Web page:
Here are few of the missing links of the small but often most critical factors in building and launching a successful website – SEO made with Adobe Muse. Day by day there is an increasing number of great websites made with Adobe Muse. Below are a few essential tasks for print designers new to the web do in order to help search engines understand the structure of their website and identify keywords that could better the SEO of the website. The Adobe Muse workspace includes many helpful features you can use to perform site optimization to increase discoverability and route traffic to your web pages.
Whenever we are creating or designing the website we need to make sure we are designing the site for two kinds of visitors: Real Human & Search Engine.
- Focus on Real Human Visitor (As per the guidelines from Google)
Understanding how search engines index sites w.r.t Adobe Muse
Search engines often perform full-text indexing, which means that they parse the entire text content on the page. The text that is placed in header tags (h1, h2, h3, etc.) is deemed especially important because headers generally summarize the information being displayed. Text formatting indicates the importance of the header text at each level to search engines. Defining styles to use paragraph tags and applying them to header text enables you to create well-formed HTML code—which search engine crawlers find especially easy to navigate.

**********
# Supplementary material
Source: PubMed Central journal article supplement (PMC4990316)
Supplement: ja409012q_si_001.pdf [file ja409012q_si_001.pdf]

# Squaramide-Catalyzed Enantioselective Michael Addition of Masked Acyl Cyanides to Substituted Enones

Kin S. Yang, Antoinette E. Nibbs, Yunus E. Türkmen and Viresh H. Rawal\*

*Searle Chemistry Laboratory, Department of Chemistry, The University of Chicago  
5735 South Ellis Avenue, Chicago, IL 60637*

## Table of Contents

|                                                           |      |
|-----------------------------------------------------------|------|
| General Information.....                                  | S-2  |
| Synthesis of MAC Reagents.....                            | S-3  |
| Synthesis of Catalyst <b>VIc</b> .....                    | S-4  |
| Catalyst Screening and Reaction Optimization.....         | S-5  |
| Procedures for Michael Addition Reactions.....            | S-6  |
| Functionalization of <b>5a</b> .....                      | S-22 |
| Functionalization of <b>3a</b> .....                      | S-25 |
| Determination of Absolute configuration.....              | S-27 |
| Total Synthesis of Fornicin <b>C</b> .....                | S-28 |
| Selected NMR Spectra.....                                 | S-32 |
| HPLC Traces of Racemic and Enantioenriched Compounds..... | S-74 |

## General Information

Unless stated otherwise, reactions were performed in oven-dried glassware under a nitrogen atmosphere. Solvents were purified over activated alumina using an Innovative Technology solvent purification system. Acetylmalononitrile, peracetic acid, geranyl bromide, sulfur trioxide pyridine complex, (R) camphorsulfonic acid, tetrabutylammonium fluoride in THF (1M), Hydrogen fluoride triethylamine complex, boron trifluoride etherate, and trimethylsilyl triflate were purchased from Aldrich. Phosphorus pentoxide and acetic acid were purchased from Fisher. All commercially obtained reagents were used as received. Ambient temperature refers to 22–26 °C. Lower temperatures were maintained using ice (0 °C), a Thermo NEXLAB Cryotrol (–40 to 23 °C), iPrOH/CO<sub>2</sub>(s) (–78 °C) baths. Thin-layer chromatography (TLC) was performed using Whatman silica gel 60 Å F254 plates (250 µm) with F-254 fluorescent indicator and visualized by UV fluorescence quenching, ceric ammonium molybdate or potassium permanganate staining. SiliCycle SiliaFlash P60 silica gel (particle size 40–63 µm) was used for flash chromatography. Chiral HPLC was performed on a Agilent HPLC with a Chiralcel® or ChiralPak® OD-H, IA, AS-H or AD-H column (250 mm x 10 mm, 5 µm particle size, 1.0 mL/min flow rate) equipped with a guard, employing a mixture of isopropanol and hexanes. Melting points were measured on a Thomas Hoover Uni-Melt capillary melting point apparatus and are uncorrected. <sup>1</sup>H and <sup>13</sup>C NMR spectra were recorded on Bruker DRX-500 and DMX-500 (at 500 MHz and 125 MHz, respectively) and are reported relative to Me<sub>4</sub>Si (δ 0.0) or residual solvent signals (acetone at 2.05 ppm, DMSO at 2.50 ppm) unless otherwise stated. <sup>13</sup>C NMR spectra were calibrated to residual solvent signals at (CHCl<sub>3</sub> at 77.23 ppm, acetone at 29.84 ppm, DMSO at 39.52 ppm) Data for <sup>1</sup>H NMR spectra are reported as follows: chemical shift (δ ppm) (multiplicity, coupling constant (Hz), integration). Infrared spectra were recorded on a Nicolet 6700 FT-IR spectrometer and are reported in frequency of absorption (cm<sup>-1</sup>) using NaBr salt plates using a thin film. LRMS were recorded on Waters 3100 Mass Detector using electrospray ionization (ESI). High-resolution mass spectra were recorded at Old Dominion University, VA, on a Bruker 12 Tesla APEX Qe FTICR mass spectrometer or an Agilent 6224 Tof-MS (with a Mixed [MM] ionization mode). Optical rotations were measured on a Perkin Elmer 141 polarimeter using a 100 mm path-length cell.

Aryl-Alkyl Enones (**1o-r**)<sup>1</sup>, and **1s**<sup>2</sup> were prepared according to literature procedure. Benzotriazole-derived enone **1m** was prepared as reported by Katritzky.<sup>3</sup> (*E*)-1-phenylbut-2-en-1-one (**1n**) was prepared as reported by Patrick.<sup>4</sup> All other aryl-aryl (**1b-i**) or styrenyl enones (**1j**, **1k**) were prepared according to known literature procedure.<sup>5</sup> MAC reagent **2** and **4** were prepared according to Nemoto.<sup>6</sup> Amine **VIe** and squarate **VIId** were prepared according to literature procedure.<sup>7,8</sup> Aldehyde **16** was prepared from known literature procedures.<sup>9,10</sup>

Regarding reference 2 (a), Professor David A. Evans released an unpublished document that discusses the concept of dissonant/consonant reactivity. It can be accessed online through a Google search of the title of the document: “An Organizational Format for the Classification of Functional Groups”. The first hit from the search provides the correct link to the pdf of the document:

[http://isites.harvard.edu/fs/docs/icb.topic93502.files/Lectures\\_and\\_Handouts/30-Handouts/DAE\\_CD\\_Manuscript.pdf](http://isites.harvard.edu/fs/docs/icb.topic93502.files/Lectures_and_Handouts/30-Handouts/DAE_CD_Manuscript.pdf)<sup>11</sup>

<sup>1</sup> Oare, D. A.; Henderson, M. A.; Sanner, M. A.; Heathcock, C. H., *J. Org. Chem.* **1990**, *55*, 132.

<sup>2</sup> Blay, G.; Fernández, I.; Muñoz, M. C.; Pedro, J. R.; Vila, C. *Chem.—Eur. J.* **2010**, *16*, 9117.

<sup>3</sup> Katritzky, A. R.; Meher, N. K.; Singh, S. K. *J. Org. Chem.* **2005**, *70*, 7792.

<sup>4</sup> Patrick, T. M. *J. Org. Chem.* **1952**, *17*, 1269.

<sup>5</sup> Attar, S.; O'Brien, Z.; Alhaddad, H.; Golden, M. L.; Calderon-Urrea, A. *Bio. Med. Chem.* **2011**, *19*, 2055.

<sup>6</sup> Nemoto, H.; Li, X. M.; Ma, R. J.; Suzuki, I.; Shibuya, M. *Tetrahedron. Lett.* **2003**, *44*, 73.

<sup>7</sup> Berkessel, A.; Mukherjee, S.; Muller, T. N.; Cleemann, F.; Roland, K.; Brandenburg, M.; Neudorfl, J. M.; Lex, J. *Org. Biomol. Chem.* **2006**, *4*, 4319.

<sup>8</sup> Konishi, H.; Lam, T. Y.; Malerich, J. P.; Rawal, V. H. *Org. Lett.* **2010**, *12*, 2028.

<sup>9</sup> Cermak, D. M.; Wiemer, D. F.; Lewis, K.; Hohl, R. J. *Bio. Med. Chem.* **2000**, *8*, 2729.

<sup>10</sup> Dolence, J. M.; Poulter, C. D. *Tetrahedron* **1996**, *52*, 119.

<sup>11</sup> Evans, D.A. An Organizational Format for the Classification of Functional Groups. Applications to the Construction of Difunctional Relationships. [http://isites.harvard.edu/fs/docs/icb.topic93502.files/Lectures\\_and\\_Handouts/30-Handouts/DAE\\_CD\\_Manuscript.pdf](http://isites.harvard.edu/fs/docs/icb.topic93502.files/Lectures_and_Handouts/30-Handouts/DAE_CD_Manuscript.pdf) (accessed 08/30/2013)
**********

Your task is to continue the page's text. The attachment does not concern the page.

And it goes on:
How search engine finds you (Crawling)?
- Meta Keywords Attribute – A series of keywords you deem relevant to the page in question.Within every Muse website, designers have the ability to input specific metadata that is unique to each page on the site. On a specific page of your Muse site, click PAGE > PAGE PROPERTIES > METADATA
Here is a short video of enhancing the keywords research to optimize SEO in Adobe Muse.
Learn how to use keywords, tagging, web fonts and sitemap generation to optimize your Muse website to improve your ranking with search engines.